Biden inches closer as Trump cries foul, sues counting in three states

President Donald Trump may be banking on US Supreme Court, but legal eagles say the country’s apex court may not be the final authority in this election

Biden vs Trump
U.S. presidents since Bill Clinton have expressed deep reservations about the court

As Democrat Joe Biden inches closer to becoming the 46th President of the United States of America, the Trump campaign team has launched legal attempts to stop counting of votes in Pennsylvania, Wisconsin, Georgia and Michigan states.

Donald Trump has alleged fraud in the counting process, without offering evidence to support his claim. His campaign has said it is seek court actions to stop counting of ballots in Pennsylvania, Michigan and Georgia.

Biden currently has 264 electoral college votes, needing just six more to become the next President, while Trump has 214. According to the Associated Press (AP), Biden will win Michigan and Wisconsin and said he holds an edge in Arizona and Nevada as well. This should give him the six votes needed to become the next President. The results, however, may only be announced by the weekend.

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This Presidential election will be remembered for its numerous litigations. Even before the Tuesday’s vote was cast, more than 300 lawsuits were filed across 44 states of US regarding postal and early voting. Most of them concerned issues such as the deadline for posting and receiving ballots.

Republican-run states said restrictions were necessary to clamp down on voter fraud, but Democrats said these were attempts to keep people from exercising their right to vote.

Even before the voting, Trump had given enough hints that he is more than willing to approach the court, while Biden said “his legal team was ready for it”.

Team Trump expects the courts to block further counting of absentee ballots in Pennsylvania, saying the votes there “may well determine the next president of the United States.”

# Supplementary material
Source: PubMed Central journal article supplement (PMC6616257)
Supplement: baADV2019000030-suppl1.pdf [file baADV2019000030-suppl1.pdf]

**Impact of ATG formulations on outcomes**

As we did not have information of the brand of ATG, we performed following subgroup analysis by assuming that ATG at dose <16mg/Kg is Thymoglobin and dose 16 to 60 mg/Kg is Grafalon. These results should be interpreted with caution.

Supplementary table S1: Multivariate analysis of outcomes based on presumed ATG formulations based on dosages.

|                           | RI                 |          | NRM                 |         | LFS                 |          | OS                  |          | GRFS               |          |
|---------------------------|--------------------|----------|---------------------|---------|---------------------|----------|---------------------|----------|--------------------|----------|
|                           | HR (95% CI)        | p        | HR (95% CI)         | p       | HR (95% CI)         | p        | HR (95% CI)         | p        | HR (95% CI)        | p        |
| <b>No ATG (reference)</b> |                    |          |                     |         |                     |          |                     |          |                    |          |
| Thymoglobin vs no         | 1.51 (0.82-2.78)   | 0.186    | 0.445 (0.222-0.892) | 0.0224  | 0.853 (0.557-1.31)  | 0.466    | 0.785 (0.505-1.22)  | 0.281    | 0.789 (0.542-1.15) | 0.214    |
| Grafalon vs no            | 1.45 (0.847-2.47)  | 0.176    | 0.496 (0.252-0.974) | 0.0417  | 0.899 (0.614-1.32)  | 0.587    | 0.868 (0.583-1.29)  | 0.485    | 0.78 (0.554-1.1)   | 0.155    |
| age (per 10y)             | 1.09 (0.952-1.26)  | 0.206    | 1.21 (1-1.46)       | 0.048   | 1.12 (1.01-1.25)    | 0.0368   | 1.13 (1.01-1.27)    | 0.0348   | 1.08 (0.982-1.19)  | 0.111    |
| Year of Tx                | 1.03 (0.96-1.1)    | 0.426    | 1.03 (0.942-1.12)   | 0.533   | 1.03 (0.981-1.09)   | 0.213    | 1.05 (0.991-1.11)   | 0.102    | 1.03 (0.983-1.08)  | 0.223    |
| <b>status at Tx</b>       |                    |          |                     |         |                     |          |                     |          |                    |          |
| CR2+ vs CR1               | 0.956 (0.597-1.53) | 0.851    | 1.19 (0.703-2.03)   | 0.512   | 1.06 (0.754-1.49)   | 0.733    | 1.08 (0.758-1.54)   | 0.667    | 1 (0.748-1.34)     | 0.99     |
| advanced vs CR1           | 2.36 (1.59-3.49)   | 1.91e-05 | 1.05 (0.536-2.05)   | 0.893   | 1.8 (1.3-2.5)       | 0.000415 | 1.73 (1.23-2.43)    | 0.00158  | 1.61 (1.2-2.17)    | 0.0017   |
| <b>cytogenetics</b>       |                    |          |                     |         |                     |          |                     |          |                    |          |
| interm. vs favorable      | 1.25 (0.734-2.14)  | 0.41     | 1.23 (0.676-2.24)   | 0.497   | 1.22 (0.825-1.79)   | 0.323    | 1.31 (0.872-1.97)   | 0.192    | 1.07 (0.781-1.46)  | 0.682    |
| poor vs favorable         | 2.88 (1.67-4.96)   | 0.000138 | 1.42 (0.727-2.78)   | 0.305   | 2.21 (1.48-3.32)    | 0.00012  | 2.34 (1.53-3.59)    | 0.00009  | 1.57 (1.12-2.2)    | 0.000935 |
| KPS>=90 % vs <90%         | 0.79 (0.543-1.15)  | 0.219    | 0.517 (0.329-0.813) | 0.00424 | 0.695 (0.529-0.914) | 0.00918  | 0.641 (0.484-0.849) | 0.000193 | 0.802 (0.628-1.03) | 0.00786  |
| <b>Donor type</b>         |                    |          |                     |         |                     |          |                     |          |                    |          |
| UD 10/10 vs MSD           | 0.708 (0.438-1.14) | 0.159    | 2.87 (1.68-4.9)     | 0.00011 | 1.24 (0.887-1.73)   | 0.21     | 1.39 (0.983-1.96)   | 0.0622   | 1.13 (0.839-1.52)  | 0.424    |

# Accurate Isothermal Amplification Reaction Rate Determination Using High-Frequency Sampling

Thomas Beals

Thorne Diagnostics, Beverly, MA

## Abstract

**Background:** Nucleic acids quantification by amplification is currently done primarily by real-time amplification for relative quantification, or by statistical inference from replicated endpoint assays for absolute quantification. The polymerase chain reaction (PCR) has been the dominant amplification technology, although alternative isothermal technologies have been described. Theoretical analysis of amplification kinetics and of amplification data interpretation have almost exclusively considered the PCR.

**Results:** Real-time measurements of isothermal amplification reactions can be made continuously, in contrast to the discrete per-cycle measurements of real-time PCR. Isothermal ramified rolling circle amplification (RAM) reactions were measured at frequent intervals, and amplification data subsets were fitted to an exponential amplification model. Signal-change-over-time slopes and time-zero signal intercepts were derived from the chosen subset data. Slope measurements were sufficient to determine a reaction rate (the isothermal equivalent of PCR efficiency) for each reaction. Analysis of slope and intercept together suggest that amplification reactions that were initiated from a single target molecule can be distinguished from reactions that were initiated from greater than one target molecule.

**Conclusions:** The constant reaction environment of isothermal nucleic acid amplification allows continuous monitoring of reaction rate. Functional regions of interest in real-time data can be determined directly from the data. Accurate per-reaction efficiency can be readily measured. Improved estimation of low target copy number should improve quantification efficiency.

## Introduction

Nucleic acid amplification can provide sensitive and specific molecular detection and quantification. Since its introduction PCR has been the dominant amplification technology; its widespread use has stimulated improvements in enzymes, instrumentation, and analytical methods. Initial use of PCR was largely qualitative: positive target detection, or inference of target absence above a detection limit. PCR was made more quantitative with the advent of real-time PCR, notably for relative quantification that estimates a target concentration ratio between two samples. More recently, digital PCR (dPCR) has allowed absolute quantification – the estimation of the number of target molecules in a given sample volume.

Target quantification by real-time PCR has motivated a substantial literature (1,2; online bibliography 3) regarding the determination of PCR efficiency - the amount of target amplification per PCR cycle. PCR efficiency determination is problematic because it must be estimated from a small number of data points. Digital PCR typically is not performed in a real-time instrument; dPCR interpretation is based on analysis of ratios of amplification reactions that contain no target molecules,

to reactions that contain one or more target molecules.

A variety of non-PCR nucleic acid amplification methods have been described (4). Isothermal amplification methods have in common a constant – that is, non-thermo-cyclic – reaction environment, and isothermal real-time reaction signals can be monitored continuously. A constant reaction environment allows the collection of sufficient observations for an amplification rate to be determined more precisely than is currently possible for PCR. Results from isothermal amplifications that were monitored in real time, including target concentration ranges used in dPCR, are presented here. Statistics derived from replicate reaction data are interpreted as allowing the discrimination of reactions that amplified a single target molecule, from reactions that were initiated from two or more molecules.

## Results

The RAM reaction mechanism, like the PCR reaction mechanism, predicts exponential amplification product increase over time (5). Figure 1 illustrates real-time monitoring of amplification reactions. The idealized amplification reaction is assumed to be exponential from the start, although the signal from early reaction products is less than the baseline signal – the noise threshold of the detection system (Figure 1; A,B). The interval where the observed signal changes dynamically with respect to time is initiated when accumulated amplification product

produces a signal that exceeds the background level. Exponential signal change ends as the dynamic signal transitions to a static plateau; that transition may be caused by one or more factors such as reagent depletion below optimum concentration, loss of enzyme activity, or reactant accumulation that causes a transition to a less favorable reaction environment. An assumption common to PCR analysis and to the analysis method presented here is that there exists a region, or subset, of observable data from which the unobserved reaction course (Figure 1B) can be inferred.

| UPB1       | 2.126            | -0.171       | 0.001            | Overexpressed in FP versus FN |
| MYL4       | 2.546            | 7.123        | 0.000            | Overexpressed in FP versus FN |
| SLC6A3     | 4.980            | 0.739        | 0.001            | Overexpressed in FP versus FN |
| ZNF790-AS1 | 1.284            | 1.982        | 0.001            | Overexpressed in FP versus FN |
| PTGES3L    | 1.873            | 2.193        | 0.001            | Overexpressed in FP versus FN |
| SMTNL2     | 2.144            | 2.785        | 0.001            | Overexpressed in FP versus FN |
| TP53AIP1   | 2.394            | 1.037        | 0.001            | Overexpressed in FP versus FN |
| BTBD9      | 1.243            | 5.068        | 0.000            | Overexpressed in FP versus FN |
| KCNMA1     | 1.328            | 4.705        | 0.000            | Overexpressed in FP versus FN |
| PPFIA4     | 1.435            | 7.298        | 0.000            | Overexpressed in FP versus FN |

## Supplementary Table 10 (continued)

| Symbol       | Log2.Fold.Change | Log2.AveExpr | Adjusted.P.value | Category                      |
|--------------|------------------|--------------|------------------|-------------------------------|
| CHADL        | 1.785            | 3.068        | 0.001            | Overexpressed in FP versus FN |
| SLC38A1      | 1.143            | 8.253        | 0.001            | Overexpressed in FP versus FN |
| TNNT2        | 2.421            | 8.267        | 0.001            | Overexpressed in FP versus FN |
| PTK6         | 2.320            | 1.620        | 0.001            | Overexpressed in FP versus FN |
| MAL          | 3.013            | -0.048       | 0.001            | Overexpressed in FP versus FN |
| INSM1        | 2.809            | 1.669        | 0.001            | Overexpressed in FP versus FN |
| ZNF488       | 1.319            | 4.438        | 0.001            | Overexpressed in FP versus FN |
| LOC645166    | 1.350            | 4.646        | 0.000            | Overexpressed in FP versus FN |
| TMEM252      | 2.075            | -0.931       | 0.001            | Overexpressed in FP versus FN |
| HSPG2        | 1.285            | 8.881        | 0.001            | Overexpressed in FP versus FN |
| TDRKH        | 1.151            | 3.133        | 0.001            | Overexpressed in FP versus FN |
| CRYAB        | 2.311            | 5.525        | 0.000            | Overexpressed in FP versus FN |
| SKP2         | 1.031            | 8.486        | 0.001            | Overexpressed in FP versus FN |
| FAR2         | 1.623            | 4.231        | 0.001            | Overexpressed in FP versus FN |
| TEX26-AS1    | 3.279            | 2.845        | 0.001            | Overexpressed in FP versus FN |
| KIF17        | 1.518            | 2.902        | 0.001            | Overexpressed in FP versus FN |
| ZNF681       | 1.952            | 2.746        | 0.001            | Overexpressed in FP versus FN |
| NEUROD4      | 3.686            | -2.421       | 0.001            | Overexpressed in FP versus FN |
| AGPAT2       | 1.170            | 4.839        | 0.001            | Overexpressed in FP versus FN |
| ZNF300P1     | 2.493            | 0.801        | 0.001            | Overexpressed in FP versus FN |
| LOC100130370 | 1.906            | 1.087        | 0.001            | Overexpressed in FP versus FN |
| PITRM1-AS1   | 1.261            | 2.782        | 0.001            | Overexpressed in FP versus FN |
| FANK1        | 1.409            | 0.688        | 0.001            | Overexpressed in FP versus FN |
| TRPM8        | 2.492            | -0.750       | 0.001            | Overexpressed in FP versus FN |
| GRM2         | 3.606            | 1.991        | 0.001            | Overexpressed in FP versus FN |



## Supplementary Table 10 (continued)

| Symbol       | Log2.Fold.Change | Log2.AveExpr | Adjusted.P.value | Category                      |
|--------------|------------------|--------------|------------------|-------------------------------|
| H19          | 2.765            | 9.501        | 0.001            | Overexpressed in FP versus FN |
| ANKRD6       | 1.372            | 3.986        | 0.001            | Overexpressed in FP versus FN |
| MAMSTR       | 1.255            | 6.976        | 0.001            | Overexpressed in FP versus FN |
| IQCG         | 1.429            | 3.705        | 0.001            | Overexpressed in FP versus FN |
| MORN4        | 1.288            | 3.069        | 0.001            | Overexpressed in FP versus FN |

The Republican campaign also wants counting to halt in Michigan, claiming it had been denied proper access to sites where ballots were opened and tallied. And then there were legal suits that challenged absentee-ballot processing in Nevada’s largest county, and late-arriving ballots in a Georgia county.

President Donald Trump may be banking on US Supreme Court, but legal eagles say the country’s apex court may not be the final authority in this election.

In fact, law experts say the courts may not entertain Trump’s plea to stop counting of ballots that were received before or on Election Day. Even if the courts do interfere, it may not change the trajectory of the race in closely fought states like Michigan and Pennsylvania, experts told BBC.

The Republicans may object to particular ballots or voting and counting procedures, but it is not clear if such disputes would determine the final outcome of the election.

True to his reputation, Trump made an appearance at the White House in the early hours of Wednesday and declared victory against Biden. “This is a major fraud on our nation. We want the law to be used in a proper manner. So we’ll be going to the U.S. Supreme Court. We want all voting to stop,” he said.

Also read: In nail-biting battle, states that’ll decide who the next US President will be

Trump did not explain the nature of alleged fraud or provide details of the litigation that he would pursue at the Supreme Court.

A handful of states could decide the next President in a few hours or days because a large number of mail-in ballots are yet to be counted.

The significantly high number of mail-in ballot voting this time has been attributed to the coronavirus pandemic.

“Admitting defeat is not a plausible reaction so soon after the election, so they throw a lot of Hail Mary lawsuits at the wall and hope something sticks,” said longtime Republican elections lawyer and CNN contributor Ben Ginsberg.

“I think much of the litigation is a longshot and unlikely to succeed,” said Franita Tolson, a law professor at USC Gould School of Law and CNN contributor.

Ned Foley, an election law expert at Ohio State University, said on Twitter that the Supreme Court “would be involved only if there were votes of questionable validity that would make a difference, which might not be the case.”

Benjamin Ginsberg, a longtime Republican election lawyer, told CNN that any attempt to toss out legally cast votes would likely “be viewed by any court including the Supreme Court as just a massive disenfranchisement that would be frowned upon.”

Trump attorney Jenna Ellis on Wednesday defended Trump’s bid to challenge the vote count and evaluate his legal options. “If we have to go through these legal challenges, that’s not unprecedented,” Ellis told Fox Business Network in an interview. “He wants to make sure that the election is not stolen.”

Bringing a case to federal court immediately was one possibility, she added, without giving further details. “We have all legal options on the table.”

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